War Games

A collection of models of ``war'' situations were created to demonstate the abilities of disjunctive swarm control. Each one has some variations as to the rules; however, the nature of the disjunctive control is similiar in all of the cases. There are two ``teams'' of agents who are considered to be opponents. These agents exist on a two-dimensional plane using floating-point coordinates between 1 and -1 for both axes. The outside limits prevent the exit of any agent from the playing area.

Each agents is given a strength, a random number between 0 and 1. In most of the models, when two agents come near enough to fight, the agent with the higher strength wins. However, the agent will lose some of its strength in the battle. When not fighting, or close enough to an enemy agent to feel ``threatened'' the strength will slowly increase.

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  1. Bullies Chasing Slowly
  2. In this scenario, the speed of a bully towards the nearest dweeb is set proportional to the separating distance, i.e. a bully will run quickly towards a dweeb that is far away, and slowly towards a dweeb nearby. The dweebs are able to find a sweet spot where they can run slowly immediately in front the bully and avoid getting caught. One of the dweebs would typically dance with the bully while the others would hide out of range.

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  3. Centering
  4. In a second scenario, bullies attack dweebs at a speed independent of their separation. Swarm inversion results in the dweeb strategy of clustering in the center of playing field. The bullies attack causing a scattering of the dweebs. The bullies then concentrate on sacrificial dweebs while other dweebs return to temporary safety in the center. As in the slow chase, the effect was of self sacrifice albeit not as dramatic.

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  5. Gang Warfare
  6. In gang warfare, a second type of wargame, there are two gangs, red and blue, both able to retreat or to attack and kill the other. Each team agent has a randomly assigned strength, and when agents collide the weak is killed and the strongest agent survives. However, the winning agent loses strength. When an agent is killed, the strength of the survivor is decayed by a factor of 0.9. Furthermore, when an agent is far enough away from any enemy agent its strength slowly increases. If the nearest enemy agent is at least 0.1 units away, strength increase by .001 per iteration.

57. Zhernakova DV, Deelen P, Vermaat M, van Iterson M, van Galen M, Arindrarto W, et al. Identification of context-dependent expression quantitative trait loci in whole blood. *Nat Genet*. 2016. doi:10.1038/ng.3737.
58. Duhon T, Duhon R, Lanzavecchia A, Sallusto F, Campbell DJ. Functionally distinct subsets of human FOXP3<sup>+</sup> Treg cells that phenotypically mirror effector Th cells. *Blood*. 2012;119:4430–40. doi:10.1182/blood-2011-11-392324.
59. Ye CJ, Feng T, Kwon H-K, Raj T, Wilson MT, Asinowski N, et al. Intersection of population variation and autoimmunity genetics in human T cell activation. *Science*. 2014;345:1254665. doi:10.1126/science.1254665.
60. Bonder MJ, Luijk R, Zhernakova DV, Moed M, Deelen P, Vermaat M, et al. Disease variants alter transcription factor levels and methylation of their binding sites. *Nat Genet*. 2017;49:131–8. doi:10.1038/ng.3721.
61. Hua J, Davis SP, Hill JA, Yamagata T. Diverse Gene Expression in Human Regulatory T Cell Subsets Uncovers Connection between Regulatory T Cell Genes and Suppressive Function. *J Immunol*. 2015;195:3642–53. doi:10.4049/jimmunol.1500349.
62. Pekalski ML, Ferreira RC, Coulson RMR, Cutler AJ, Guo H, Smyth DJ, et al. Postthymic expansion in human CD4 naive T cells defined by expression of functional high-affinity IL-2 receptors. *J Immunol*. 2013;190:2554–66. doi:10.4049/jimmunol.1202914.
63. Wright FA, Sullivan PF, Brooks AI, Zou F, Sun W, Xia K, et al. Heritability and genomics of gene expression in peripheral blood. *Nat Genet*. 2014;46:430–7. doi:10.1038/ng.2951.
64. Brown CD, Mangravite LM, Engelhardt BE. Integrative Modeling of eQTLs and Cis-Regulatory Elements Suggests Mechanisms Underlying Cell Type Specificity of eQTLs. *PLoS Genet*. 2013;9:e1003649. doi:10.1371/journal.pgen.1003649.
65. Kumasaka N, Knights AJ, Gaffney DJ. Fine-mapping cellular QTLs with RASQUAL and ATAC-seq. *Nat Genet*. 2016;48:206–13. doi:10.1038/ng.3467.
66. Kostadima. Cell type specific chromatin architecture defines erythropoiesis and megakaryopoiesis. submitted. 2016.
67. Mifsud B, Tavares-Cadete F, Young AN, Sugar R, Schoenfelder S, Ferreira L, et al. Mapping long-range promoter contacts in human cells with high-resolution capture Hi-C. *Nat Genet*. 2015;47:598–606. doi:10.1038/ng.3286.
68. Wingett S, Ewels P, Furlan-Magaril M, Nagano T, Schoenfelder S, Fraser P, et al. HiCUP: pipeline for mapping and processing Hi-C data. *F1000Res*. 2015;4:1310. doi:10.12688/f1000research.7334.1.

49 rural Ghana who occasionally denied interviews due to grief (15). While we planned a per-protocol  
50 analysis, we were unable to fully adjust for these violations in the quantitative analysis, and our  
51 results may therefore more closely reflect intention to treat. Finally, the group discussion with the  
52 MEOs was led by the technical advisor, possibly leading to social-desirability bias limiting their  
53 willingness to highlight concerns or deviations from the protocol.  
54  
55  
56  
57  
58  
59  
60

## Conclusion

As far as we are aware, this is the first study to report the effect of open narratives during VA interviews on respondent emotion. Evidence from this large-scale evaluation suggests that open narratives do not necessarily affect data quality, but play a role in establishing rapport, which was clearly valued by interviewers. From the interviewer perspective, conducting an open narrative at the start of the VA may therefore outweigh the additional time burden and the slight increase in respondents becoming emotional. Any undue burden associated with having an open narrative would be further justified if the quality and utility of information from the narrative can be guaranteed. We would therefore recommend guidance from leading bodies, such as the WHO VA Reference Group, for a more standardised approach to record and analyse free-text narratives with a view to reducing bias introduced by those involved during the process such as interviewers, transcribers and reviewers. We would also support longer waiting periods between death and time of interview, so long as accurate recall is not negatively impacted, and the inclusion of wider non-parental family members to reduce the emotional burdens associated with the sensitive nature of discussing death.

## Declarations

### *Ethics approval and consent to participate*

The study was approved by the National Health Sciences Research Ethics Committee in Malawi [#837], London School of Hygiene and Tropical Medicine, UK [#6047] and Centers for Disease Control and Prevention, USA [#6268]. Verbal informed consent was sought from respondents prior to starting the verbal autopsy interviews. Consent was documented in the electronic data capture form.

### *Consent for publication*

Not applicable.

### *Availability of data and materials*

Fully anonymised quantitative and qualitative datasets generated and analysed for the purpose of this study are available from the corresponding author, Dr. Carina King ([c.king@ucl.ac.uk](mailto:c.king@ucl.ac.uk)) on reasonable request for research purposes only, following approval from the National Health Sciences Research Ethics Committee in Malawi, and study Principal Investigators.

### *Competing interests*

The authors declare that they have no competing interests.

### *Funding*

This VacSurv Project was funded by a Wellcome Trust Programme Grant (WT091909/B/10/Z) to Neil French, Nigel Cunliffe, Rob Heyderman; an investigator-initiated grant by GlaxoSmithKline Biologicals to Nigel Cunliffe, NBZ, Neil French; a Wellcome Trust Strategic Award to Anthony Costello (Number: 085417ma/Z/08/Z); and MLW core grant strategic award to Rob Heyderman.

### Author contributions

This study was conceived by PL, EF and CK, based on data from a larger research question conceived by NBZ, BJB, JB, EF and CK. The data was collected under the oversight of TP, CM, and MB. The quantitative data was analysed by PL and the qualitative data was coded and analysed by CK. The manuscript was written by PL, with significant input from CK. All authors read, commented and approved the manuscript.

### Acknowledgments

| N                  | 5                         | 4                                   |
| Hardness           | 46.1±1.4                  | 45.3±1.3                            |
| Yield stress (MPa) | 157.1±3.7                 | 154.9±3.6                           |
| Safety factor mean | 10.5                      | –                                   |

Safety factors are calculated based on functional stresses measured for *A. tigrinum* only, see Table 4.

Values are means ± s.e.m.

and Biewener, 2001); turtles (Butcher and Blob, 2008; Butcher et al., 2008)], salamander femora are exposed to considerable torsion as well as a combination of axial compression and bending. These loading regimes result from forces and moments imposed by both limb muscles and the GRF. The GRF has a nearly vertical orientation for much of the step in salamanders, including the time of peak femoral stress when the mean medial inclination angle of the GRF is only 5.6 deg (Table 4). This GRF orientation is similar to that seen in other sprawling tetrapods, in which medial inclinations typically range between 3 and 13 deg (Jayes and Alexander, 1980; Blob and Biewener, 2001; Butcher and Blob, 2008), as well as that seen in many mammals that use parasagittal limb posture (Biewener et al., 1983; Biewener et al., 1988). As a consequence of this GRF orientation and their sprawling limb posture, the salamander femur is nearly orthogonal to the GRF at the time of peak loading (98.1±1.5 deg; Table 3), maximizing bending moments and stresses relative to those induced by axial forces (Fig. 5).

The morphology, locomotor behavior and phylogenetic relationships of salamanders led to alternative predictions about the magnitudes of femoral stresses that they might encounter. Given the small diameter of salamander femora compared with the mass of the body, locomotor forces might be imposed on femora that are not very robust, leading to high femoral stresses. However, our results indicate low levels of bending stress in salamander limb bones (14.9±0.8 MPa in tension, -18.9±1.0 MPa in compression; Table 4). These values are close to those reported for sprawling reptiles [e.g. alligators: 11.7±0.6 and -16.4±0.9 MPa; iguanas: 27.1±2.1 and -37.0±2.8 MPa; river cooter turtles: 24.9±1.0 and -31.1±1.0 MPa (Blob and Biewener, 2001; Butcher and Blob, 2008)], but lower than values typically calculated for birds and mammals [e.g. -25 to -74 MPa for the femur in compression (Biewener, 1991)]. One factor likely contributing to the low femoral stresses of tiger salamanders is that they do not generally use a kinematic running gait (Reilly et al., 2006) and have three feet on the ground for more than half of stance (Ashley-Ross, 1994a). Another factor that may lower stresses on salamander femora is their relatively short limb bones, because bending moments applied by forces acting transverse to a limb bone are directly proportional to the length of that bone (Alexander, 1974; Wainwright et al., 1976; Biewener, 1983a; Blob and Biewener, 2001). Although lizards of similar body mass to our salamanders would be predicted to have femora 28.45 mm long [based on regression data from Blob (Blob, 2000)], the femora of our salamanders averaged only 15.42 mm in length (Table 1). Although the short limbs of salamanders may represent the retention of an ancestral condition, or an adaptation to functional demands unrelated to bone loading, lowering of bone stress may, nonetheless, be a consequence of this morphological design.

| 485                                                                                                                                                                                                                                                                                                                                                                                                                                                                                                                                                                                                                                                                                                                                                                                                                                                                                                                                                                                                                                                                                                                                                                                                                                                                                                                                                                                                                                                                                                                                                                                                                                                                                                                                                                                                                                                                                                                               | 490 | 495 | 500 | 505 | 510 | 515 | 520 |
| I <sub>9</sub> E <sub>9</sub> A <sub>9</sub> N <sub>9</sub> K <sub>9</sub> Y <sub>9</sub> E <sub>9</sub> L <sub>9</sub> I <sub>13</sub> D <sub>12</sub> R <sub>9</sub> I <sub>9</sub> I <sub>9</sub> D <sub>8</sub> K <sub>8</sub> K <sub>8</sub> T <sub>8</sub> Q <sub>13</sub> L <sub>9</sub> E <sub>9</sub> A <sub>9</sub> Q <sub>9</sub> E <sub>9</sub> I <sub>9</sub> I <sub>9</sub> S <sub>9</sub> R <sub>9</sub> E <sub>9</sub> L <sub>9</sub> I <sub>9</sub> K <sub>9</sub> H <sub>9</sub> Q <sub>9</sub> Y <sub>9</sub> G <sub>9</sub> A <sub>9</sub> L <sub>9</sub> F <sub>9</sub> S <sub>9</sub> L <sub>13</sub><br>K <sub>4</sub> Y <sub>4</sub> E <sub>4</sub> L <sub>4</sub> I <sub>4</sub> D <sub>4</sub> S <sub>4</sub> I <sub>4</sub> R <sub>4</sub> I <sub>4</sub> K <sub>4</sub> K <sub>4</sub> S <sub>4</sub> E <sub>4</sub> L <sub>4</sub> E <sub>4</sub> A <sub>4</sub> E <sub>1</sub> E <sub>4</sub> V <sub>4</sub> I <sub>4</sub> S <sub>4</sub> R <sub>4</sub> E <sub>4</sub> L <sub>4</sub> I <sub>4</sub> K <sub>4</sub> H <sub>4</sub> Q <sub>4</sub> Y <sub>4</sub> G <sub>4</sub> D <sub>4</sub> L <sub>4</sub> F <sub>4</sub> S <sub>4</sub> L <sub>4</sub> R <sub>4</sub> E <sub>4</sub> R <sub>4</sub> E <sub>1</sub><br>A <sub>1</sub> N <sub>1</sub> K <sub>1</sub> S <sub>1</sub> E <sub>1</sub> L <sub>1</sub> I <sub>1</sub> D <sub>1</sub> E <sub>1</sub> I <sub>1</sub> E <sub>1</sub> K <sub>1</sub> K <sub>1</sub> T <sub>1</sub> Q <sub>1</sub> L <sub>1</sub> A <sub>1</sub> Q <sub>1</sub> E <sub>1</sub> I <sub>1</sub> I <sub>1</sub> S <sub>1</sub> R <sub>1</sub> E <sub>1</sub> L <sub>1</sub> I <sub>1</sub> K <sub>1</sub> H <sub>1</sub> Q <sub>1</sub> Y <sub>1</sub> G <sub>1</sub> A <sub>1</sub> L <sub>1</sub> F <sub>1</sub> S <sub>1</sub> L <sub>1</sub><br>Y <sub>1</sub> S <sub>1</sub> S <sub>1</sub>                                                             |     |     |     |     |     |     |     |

Red does nothing, while blue attacks and then orbits the strong red agents

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    The blue team evolved a defensive strategy. Instead of attempting to kill the enemy agents, the strategy now prioritizes not getting killed

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    When given a chance to optimize against the defensive strategy, an aggressive strategy arose. The defensive blue strategy, effective in the remains unchanged. Evolution of the reds, though, has made the blue strategy ineffective.

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  7. Foxes vs. Rabbits
  8. Foxes vs. rabbits is a third example used to illustrate swarm inversion using disjunctive Combs control. In this model, a bury of rabbits attempts escape to a hole guarded by an earth of predator foxes. Like the war model, each rabbit and fox agent is assigned a strength which determines whether or not it will survive in combat. However, unlike before, strength neither degrades or increases over time. There are 200 foxes and 50 rabbits.

    The rabbits rush towards the exit. The rabbits are not actually trying to move towards the hole, but rather away from the foxes. This happens to cause them to move close to the hole, allowing many to escape.

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    Since the rabbits were running away from the foxes rather then towards the hole, when the foxes were evolved against this behavior they developed a strategy of confusion. The foxes occupy the corners of the area thus keeping the rabbits in the center,

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    The rabbits were gain evolved. Predictably, the rabbits head towards the target unimpeded while the foxes, still applying their confusion tactics, remain huddled in the corners.

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    At the end of a rabbit evolution, deception and flanking emerged as a winning strategy. The repeated evolutions resulted in clever rabbit behavior. As the foxes placed themselves between the rabbits and the hole, the rabbits move away from the foxes thereby drawing the foxes further from the hole. The rabbits then sneak little by little around the foxes and make their way to the rabbit hole.

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